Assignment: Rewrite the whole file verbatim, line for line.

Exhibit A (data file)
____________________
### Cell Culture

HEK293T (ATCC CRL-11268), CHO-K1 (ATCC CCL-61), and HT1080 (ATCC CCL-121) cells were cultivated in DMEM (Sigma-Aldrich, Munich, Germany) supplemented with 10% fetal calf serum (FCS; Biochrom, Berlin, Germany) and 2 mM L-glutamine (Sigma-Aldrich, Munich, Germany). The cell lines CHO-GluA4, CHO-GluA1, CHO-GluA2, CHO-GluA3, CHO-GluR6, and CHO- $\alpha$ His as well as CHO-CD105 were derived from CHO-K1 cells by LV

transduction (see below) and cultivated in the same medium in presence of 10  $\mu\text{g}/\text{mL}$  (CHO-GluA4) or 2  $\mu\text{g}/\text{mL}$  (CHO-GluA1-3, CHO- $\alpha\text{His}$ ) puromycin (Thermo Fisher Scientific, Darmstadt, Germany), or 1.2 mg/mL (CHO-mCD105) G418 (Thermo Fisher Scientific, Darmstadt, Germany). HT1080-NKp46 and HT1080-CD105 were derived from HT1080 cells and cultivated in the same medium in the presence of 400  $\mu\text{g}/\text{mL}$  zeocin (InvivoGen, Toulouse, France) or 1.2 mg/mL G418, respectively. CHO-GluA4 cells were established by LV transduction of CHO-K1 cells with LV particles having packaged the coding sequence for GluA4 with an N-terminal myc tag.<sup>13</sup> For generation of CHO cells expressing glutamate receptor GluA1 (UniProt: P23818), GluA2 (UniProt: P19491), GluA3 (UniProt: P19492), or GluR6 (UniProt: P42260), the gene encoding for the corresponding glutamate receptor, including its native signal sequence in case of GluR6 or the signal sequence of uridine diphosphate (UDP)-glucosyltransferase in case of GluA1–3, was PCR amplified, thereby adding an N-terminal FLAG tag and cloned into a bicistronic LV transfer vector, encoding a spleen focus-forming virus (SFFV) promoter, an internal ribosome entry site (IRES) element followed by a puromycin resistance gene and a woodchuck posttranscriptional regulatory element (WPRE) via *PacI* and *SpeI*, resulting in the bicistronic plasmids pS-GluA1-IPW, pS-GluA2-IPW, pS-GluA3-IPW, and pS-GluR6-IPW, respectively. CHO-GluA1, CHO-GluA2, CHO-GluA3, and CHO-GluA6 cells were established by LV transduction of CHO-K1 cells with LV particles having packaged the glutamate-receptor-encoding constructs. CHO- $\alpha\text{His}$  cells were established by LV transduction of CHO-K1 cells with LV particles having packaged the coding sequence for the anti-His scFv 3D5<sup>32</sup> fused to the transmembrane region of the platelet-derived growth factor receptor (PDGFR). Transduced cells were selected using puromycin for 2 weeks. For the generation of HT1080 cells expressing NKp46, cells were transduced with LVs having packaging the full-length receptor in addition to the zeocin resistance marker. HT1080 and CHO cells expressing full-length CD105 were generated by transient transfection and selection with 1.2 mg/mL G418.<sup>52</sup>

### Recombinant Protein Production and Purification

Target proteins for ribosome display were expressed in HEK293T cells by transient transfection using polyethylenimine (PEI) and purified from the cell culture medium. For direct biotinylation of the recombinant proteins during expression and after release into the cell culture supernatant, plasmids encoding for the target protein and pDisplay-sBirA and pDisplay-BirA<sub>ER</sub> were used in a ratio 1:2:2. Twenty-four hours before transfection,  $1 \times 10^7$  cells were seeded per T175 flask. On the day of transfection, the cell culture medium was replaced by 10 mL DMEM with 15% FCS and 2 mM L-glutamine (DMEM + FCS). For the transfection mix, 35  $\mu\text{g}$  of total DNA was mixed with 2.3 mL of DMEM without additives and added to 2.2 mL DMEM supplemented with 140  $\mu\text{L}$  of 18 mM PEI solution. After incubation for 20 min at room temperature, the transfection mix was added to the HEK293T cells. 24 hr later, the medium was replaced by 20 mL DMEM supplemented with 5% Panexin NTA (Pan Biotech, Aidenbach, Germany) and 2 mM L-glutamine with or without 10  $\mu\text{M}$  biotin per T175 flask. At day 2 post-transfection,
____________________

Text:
### Cell Culture

HEK293T (ATCC CRL-11268), CHO-K1 (ATCC CCL-61), and HT1080 (ATCC CCL-121) cells were cultivated in DMEM (Sigma-Aldrich, Munich, Germany) supplemented with 10% fetal calf serum (FCS; Biochrom, Berlin, Germany) and 2 mM L-glutamine (Sigma-Aldrich, Munich, Germany). The cell lines CHO-GluA4, CHO-GluA1, CHO-GluA2, CHO-GluA3, CHO-GluR6, and CHO- $\alpha$ His as well as CHO-CD105 were derived from CHO-K1 cells by LV

transduction (see below) and cultivated in the same medium in presence of 10  $\mu\text{g}/\text{mL}$  (CHO-GluA4) or 2  $\mu\text{g}/\text{mL}$  (CHO-GluA1-3, CHO- $\alpha\text{His}$ ) puromycin (Thermo Fisher Scientific, Darmstadt, Germany), or 1.2 mg/mL (CHO-mCD105) G418 (Thermo Fisher Scientific, Darmstadt, Germany). HT1080-NKp46 and HT1080-CD105 were derived from HT1080 cells and cultivated in the same medium in the presence of 400  $\mu\text{g}/\text{mL}$  zeocin (InvivoGen, Toulouse, France) or 1.2 mg/mL G418, respectively. CHO-GluA4 cells were established by LV transduction of CHO-K1 cells with LV particles having packaged the coding sequence for GluA4 with an N-terminal myc tag.<sup>13</sup> For generation of CHO cells expressing glutamate receptor GluA1 (UniProt: P23818), GluA2 (UniProt: P19491), GluA3 (UniProt: P19492), or GluR6 (UniProt: P42260), the gene encoding for the corresponding glutamate receptor, including its native signal sequence in case of GluR6 or the signal sequence of uridine diphosphate (UDP)-glucosyltransferase in case of GluA1–3, was PCR amplified, thereby adding an N-terminal FLAG tag and cloned into a bicistronic LV transfer vector, encoding a spleen focus-forming virus (SFFV) promoter, an internal ribosome entry site (IRES) element followed by a puromycin resistance gene and a woodchuck posttranscriptional regulatory element (WPRE) via *PacI* and *SpeI*, resulting in the bicistronic plasmids pS-GluA1-IPW, pS-GluA2-IPW, pS-GluA3-IPW, and pS-GluR6-IPW, respectively. CHO-GluA1, CHO-GluA2, CHO-GluA3, and CHO-GluA6 cells were established by LV transduction of CHO-K1 cells with LV particles having packaged the glutamate-receptor-encoding constructs. CHO- $\alpha\text{His}$  cells were established by LV transduction of CHO-K1 cells with LV particles having packaged the coding sequence for the anti-His scFv 3D5<sup>32</sup> fused to the transmembrane region of the platelet-derived growth factor receptor (PDGFR). Transduced cells were selected using puromycin for 2 weeks. For the generation of HT1080 cells expressing NKp46, cells were transduced with LVs having packaging the full-length receptor in addition to the zeocin resistance marker. HT1080 and CHO cells expressing full-length CD105 were generated by transient transfection and selection with 1.2 mg/mL G418.<sup>52</sup>

### Recombinant Protein Production and Purification

Target proteins for ribosome display were expressed in HEK293T cells by transient transfection using polyethylenimine (PEI) and purified from the cell culture medium. For direct biotinylation of the recombinant proteins during expression and after release into the cell culture supernatant, plasmids encoding for the target protein and pDisplay-sBirA and pDisplay-BirA<sub>ER</sub> were used in a ratio 1:2:2. Twenty-four hours before transfection,  $1 \times 10^7$  cells were seeded per T175 flask. On the day of transfection, the cell culture medium was replaced by 10 mL DMEM with 15% FCS and 2 mM L-glutamine (DMEM + FCS). For the transfection mix, 35  $\mu\text{g}$  of total DNA was mixed with 2.3 mL of DMEM without additives and added to 2.2 mL DMEM supplemented with 140  $\mu\text{L}$  of 18 mM PEI solution. After incubation for 20 min at room temperature, the transfection mix was added to the HEK293T cells. 24 hr later, the medium was replaced by 20 mL DMEM supplemented with 5% Panexin NTA (Pan Biotech, Aidenbach, Germany) and 2 mM L-glutamine with or without 10  $\mu\text{M}$  biotin per T175 flask. At day 2 post-transfection,